The chemistry between Donald Trump and Kim Jong-un has proved resilient to diplomatic doldrums. Trump has defended Kim against the revelations of another violent purge and applauded him for calling the Democratic frontrunner Joe Biden a “low IQ individual.” Not long after, they met for a widely featured handshake at the Korean border, making Trump the first sitting U.S. president to step on North Korean soil. Though little substantive progress was made in its aftermath, Trump has continued to excuse Kim’s missile launches as “standard” while deriding the U.S.-South Korea joint military exercises as “ridiculous and expensive.” Now with the timely exit of John Bolton, hopes of another Trump-Kim summit are on the rise again.
Among the biggest losers of this largely hollow diplomatic exercise are South Korea’s conservatives. For them, Trump’s adulation of Kim poses a threat that is more profound than their policy setback on North Korea—it challenges their identity, which for decades had been defined by its anti-North Korean and pro-U.S. stance. One debate, in particular, lays bare this struggle: South Korea’s nuclear armament.
South Korea’s Nuclear Future
South Korean conservatives’ unfailing support for the United States had been predicated on the idea of a shared and increasingly menacing North Korean nuclear threat. Today, this belief is being reexamined. Confronted by the growing possibility of a “small deal”—anything that falls short of complete, verifiable, and irreversible denuclearization—conservatives have started to reconsider South Korea’s nuclear armament. In what appeared as a warning to Washington, a prominent conservative lawmaker Na Kyung-won stated, “If the United States accepts North Korea as the de facto nuclear state through a small deal, acquiring nuclear weapons is the only viable path for us.” What form and process this path takes, and the degree to which the United States will remain responsible for South Korea’s security, will be pivotal for the future of U.S.-South Korean relations and, consequently, South Korean conservatism.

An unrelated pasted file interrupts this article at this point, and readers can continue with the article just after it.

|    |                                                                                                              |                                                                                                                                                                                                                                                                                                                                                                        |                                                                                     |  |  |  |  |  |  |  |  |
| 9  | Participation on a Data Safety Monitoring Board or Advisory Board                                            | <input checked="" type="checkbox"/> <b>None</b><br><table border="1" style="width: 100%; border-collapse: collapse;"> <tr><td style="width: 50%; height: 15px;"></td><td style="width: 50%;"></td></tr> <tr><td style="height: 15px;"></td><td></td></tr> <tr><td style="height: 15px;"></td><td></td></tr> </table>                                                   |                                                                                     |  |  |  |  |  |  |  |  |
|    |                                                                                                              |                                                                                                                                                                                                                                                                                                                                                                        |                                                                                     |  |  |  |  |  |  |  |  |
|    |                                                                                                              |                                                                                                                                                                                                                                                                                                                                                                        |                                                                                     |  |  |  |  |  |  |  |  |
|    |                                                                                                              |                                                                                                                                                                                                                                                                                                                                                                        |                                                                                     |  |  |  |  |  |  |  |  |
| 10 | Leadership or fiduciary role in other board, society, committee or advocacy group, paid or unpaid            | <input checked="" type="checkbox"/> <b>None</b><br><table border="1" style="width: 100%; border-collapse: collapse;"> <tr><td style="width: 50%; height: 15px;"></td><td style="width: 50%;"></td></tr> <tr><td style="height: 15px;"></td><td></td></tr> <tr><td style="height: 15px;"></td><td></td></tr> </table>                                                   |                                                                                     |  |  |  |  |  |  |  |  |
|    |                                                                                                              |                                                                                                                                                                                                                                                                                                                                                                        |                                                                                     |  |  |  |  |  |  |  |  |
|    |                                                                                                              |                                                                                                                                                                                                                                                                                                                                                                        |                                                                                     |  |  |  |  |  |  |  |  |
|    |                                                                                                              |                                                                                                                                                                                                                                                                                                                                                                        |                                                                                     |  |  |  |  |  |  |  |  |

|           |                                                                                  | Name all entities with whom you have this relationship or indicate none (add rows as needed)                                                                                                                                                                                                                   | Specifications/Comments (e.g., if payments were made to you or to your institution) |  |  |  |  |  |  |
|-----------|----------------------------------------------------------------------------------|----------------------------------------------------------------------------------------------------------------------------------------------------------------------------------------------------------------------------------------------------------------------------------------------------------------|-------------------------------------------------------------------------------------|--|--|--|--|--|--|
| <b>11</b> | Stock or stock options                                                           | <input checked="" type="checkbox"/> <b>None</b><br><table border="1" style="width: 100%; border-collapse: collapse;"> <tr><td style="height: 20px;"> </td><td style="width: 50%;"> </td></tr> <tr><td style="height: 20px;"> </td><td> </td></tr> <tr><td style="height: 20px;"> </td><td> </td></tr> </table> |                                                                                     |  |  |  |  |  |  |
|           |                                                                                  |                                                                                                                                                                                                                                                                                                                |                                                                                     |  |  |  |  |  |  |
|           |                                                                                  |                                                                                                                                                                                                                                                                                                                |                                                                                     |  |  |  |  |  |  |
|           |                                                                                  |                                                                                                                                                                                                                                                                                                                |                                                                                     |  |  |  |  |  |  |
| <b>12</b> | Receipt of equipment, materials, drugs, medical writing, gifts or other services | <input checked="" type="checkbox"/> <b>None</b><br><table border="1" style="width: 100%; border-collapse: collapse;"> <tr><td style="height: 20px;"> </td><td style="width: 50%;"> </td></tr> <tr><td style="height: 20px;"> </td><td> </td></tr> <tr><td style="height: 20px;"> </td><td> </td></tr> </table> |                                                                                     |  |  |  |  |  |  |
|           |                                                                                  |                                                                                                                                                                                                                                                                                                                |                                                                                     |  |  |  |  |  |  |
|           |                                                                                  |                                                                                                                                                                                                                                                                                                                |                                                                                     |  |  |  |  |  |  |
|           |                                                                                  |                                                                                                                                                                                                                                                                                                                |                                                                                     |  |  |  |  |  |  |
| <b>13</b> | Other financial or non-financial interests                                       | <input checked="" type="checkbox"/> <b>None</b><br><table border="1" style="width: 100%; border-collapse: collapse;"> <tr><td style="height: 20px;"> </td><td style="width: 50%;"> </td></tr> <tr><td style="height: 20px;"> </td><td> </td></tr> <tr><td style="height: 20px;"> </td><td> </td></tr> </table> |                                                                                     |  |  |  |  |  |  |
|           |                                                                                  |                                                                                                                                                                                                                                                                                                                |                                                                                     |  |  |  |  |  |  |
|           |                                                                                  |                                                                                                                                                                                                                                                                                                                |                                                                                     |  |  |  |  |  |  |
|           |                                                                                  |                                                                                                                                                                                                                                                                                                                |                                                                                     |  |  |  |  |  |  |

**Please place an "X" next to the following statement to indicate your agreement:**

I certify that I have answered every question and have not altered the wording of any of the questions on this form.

The conservatives offer three competing options for nuclear armament. The first and most popular is the redeployment of U.S. tactical nuclear weapons, which the main conservative Liberty Korea Party (LKP) officially supports. According to the proponents of this position, the U.S. decision in 1991 to unilaterally withdraw its nuclear assets from South Korea was a historic blunder: it undermined the credibility of U.S. extended deterrence and ultimately opened the door for Pyongyang to develop nuclear weapons without any fear of retaliation. To correct the “imbalance of terror” that currently favors the North, they demand the return of U.S. nuclear presence in the South.